FORT LAUDERDALE, Fla. – A Florida school board is halting the use of a fictional book about a Black boy who is killed by a white officer after a police union complained to the school district that is anti-police “propaganda.”
The South Florida Sun-Sentinel reported the children’s fiction book “Ghost Boys” by Jewell Parker Rhodes was used in one fifth grade class at an elementary school in Coral Springs, Florida, without going through the district’s vetting process.
A school board member said assignments related to the book were on hold.
“The timing of whether to implement this subject matter must include parents and ultimately be a decision by the parents of each student,” school board member Lori Alhadeff told the newspaper. "I do not feel ‘Ghost Boys’ is appropriate for fifth graders.”
Common Sense Media, a nonprofit that rates TV shows, movies, books and other content based on children's development, says the book is appropriate for children who are 10 and older, the age of fifth graders.
The book was published in 2018, and it is told from the point of view of a 12-year-old bullied Black boy in Chicago who is shot dead by a white police officer while playing with a toy gun, recalling the 2014 killing of Tamir Rice, in Cleveland.
In the wake of the killing, the ghost boy narrates how his family and the community is impacted, and befriends the daughter of the officer, who is the only living person who can see him, and Emmett Till, a 14-year-old boy from Chicago whose beating death in 1955 helped spur the civil rights movement.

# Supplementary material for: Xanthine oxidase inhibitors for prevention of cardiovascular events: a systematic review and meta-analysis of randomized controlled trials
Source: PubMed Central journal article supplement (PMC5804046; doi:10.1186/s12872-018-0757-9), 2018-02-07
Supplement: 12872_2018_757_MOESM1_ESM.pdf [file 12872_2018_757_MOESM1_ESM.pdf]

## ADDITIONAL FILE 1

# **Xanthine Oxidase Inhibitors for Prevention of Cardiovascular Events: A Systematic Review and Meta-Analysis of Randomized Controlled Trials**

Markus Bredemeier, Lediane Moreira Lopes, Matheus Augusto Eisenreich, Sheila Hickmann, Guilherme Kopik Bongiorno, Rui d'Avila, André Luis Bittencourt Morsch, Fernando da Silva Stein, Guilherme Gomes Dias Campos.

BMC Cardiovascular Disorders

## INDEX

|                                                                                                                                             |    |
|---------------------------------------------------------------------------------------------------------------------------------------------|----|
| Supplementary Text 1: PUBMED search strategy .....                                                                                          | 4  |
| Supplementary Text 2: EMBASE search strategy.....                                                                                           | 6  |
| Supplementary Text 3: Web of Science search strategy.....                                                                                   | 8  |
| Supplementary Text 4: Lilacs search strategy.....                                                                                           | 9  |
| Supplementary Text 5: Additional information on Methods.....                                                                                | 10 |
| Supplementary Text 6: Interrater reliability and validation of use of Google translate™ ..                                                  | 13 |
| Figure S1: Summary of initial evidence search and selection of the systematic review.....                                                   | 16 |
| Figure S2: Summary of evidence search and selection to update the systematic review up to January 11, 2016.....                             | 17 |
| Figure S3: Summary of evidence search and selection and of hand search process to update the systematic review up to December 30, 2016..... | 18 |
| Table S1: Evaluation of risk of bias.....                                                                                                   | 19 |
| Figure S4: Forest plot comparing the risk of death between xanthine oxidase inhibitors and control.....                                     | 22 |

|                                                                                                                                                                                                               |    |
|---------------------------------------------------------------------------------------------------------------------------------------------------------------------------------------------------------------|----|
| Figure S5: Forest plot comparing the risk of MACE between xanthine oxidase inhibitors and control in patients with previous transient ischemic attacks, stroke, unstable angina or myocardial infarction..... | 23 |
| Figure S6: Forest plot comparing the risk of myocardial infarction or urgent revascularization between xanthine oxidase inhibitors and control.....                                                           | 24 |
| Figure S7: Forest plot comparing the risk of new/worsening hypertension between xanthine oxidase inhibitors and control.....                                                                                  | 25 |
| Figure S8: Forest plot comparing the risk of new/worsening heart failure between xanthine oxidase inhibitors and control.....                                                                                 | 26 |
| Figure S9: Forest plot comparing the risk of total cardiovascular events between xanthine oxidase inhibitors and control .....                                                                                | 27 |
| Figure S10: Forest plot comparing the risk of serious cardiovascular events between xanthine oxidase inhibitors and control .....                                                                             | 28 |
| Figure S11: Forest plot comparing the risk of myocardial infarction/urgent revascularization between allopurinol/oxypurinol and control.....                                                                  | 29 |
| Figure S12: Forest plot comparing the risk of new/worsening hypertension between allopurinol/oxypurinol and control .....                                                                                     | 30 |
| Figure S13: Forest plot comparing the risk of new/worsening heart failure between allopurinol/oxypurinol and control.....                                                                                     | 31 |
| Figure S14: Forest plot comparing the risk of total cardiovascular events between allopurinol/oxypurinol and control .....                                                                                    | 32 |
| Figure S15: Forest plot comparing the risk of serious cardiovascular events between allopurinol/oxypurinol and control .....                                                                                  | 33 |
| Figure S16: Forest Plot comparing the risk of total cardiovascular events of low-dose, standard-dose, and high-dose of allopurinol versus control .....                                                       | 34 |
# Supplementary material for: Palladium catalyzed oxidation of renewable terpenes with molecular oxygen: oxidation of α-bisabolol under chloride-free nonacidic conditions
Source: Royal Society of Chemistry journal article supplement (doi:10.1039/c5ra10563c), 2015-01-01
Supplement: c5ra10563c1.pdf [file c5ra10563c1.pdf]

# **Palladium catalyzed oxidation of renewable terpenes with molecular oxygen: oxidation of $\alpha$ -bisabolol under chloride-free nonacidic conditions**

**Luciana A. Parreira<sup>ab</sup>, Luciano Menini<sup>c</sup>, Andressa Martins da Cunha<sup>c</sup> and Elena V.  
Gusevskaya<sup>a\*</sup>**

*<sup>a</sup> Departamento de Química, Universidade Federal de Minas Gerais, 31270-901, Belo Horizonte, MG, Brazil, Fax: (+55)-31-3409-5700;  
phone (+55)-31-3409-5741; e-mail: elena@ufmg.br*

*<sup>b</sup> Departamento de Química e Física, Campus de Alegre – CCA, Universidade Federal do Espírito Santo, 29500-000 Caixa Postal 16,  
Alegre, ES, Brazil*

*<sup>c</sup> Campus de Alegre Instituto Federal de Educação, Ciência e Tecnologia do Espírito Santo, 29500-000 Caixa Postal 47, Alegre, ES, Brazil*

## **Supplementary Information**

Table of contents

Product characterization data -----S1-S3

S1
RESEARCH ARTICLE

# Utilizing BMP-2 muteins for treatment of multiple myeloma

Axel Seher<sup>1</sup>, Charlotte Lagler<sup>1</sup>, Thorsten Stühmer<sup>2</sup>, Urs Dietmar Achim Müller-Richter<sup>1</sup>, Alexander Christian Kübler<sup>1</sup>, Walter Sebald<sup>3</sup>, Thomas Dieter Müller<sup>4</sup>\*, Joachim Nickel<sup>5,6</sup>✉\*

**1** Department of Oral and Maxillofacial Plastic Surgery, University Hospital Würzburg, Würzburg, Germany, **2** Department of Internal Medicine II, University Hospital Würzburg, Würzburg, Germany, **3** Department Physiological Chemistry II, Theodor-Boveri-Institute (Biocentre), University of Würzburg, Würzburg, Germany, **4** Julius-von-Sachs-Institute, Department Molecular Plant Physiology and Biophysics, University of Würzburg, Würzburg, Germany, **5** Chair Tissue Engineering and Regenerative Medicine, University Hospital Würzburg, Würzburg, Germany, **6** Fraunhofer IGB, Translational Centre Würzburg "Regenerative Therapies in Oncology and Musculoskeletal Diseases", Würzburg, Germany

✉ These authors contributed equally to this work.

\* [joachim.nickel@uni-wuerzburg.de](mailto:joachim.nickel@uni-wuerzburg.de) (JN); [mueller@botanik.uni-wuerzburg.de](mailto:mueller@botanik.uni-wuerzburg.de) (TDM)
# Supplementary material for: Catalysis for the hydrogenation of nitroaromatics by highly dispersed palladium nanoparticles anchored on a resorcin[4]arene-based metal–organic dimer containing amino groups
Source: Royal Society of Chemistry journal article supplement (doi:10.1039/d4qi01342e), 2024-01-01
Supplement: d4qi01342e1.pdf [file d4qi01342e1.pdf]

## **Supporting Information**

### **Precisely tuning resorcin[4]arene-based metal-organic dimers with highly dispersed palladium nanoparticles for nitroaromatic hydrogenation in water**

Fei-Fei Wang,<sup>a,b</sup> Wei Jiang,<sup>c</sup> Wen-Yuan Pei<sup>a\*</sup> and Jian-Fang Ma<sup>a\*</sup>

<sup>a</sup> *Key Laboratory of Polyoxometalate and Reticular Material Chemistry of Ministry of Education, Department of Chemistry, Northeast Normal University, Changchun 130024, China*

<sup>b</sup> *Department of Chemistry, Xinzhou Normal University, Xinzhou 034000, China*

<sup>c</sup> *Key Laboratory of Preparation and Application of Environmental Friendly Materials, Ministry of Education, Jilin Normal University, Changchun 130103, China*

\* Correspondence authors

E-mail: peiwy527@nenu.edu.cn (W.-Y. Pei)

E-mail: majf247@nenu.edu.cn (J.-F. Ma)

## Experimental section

The director of the local Fraternal Order of Police, Paul Kempinski, asked Broward County School Board members in a letter to stop using the book. He wrote he was upset by the friendship between the daughter and the boy saying he "ultimately convinces her that her father shot and killed him because her police officer father is a liar and a racist.”
“Our members feel that this book is propaganda that pushes an inaccurate and absurd stereotype of police officers in America.”
The book was removed from a California school district late last year, according to the National Coalition Against Censorship.
Broward County Public Schools district told the newspaper the book was “supplemental” material and could be considered by teachers who want to delve into racial and criminal justice issues. But the district said the teachers who assigned the book did not follow protocol of informing parents to give them a chance for their children to opt out of the assignment.
It was previously used in the same school district at Pines Middle School, where a seventh grade book club spoke via Skype with the Black author.